Once players took over a district and added it to their mafia empire, most of the racism disappeared. Only the redneck bars remained hardened in their ways. The black music clubs were naturally never racist. Shops in each district had a unique % chance of being racist up to a certain amount depending on the history of its neighborhoods.
Shops were a bit controversial in Mafia 3. Fans asked,"Why are there so many if there's nothing I can buy in them?" A larger design choice was made to gate player purchases through the Arms Dealer. This greatly gimped shops as places to get things.
Aside from the issue of resources, they still provided texture to the world. At bare minimum they let players get indoors, off the open streets. They were shortcuts through city blocks to avoid enemies. All of them showcased some culture of the time period.
A future article may discuss shops in greater detail.
Each district had an economy of money, health kits, and other resources found in shops and hideouts. These were carefully balanced within the larger world economy so the player couldn't pocket obscene amounts of money or resources.
Several city-wide elements were stitched into the world early on, while others were planned later in development. In both cases that doesn't guarantee they'll make it into the final game. Here's a look at some of the things that still exist in the game without their gameplay or story components.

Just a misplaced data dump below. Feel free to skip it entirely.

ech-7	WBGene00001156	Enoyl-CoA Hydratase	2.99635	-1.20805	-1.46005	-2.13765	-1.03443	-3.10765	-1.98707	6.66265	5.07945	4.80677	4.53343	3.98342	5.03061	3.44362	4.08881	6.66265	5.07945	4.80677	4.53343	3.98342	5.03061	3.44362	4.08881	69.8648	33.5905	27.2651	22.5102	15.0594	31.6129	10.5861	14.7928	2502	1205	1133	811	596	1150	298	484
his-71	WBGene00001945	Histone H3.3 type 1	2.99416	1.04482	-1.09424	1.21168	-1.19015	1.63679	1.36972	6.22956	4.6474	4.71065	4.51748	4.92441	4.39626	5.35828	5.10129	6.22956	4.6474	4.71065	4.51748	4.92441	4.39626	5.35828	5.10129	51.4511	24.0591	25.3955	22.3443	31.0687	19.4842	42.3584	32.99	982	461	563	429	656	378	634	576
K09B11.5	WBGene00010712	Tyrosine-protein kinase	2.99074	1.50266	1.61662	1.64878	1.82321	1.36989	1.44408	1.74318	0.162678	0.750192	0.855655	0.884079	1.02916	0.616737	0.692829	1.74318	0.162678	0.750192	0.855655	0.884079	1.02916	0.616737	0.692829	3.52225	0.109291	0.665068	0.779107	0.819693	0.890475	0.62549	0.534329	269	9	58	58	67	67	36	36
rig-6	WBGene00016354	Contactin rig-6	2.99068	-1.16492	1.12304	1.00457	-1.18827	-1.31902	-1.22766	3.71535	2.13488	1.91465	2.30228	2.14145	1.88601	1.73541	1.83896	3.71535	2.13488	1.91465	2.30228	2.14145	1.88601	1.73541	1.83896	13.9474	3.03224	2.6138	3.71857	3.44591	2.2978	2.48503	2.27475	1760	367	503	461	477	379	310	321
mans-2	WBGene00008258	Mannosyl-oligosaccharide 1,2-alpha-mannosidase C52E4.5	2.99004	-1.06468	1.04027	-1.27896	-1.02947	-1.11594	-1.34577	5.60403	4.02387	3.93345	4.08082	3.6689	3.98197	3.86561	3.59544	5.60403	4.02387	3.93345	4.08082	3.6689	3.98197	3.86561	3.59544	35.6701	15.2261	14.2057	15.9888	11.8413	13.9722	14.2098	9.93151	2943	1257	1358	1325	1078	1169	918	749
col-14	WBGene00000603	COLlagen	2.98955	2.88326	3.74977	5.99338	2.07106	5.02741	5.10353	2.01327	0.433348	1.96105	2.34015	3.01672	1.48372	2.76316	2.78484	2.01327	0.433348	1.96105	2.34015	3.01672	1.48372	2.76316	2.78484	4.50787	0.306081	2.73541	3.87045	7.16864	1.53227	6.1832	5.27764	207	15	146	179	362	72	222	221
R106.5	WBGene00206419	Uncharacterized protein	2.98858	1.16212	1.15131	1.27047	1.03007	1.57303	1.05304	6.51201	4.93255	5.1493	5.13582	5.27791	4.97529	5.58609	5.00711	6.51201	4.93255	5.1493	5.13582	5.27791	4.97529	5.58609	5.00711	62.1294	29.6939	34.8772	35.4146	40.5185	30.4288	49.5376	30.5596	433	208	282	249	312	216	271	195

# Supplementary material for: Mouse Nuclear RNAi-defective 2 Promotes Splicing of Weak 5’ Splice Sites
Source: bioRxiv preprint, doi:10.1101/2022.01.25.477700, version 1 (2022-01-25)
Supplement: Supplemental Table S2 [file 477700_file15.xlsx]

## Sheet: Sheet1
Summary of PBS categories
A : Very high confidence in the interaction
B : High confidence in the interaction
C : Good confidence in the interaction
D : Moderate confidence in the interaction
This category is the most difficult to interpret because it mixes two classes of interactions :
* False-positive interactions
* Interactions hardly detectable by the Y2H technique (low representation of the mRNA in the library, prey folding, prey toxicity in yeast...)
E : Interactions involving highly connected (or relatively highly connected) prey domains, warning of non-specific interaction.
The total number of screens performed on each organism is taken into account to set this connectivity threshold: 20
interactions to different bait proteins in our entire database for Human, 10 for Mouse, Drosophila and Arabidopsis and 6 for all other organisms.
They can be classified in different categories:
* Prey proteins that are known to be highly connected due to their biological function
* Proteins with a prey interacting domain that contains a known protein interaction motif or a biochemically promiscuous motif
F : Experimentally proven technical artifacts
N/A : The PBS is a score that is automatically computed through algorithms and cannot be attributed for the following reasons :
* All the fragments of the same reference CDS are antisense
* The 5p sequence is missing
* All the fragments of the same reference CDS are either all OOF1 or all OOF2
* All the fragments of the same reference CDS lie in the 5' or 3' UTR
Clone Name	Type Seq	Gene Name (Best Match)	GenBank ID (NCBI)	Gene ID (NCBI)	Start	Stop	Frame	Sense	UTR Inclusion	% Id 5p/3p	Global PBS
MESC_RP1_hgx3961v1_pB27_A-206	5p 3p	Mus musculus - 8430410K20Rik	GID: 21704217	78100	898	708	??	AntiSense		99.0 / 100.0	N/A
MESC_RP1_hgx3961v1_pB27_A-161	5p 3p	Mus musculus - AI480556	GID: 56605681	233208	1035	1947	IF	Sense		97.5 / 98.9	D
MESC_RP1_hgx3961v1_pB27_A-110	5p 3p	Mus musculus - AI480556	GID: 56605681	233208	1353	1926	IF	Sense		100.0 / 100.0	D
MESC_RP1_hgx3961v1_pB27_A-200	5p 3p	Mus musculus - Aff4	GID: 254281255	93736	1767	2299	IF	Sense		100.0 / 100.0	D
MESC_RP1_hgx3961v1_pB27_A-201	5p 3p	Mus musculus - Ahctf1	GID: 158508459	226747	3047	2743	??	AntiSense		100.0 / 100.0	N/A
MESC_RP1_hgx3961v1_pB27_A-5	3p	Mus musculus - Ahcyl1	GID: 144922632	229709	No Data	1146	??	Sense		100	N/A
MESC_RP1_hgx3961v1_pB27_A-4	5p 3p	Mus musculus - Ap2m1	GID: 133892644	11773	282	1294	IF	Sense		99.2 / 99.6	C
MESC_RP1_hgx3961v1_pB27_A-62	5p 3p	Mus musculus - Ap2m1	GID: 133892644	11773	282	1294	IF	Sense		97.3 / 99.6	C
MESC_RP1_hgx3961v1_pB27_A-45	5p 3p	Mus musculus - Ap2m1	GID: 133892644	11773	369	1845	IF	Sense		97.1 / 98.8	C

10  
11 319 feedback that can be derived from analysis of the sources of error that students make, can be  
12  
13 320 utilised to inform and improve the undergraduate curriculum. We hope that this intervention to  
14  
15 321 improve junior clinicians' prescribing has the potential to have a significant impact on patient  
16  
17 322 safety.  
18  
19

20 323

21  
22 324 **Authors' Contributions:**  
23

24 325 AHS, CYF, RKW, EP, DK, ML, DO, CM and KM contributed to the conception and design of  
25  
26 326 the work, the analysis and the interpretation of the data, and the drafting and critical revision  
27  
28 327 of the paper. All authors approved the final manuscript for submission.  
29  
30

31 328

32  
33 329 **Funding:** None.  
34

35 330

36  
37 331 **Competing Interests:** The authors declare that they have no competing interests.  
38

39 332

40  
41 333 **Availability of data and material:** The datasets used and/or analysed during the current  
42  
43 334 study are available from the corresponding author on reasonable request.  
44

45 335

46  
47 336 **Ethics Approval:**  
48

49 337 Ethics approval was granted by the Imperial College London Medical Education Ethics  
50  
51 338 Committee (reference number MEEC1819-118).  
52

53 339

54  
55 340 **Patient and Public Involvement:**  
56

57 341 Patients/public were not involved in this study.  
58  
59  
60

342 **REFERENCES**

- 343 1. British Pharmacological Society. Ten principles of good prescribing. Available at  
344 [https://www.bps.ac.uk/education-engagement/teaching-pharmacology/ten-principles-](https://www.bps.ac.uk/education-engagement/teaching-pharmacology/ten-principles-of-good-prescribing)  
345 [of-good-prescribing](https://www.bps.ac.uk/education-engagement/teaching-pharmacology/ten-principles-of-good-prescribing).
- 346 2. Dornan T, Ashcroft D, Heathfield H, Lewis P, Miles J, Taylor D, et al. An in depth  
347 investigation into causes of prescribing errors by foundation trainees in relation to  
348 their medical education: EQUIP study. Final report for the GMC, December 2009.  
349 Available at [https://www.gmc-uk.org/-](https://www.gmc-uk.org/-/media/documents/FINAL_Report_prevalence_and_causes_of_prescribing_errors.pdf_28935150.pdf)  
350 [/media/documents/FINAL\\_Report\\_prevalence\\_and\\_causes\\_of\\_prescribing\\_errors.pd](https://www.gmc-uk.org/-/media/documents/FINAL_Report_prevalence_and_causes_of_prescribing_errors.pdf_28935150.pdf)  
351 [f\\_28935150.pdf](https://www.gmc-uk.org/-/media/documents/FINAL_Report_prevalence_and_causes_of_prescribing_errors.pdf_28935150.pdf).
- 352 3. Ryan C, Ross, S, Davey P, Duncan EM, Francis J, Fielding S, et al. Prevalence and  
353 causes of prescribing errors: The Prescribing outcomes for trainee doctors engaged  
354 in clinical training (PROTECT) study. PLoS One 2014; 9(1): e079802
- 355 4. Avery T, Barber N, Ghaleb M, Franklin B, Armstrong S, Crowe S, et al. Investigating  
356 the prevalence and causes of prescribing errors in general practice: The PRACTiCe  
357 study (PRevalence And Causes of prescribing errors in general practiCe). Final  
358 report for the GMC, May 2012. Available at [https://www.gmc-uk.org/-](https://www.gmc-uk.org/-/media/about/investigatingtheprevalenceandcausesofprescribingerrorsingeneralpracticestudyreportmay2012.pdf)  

An early Service players could tap was turning the lights off in an area. An introduction I favored besides the typical menu pop was forming a relationship with a city worker at one of the Power Grids. This never happened though. They're one of many existing locations that could be leveraged in DLC.
Car dealerships were part of Mafia II, so they were added to neighborhoods. Frisco Fields featured the only dealership that sold new vehicles. Others were for used cars. They all could have been places to buy special cars (modded or skinned). Similar to shops however, players were restricted to purchasing items through the Arms Dealer. Due to system memory the dealerships were mostly devoid of cars, especially unique cars in the final game.
Car Washes were an idea that appeared during DLC based on player feedback. Re-using techniques and some assets from Mafia II, several locations were scouted and tested for performance, with UI and scripting planned. This feature was shelved since core DLC features had higher priorities and deadlines.
Fuel Docks were spaced throughout the game like their counterpart automobile Gas Stations. These all have small interiors you can enter and rummage around. A couple of them have fallen docks near them providing a ramp for boats. Used as a stunt or in an enemy encounter, the challenge was to jump the boat and spark the gas pumps in passing, causing them to explode split-seconds later.
So while dealerships were no place to get cars, successful missions sometimes gifted special cars to players. Successfully taking a Hideout let you take the Racket Boss' vehicle.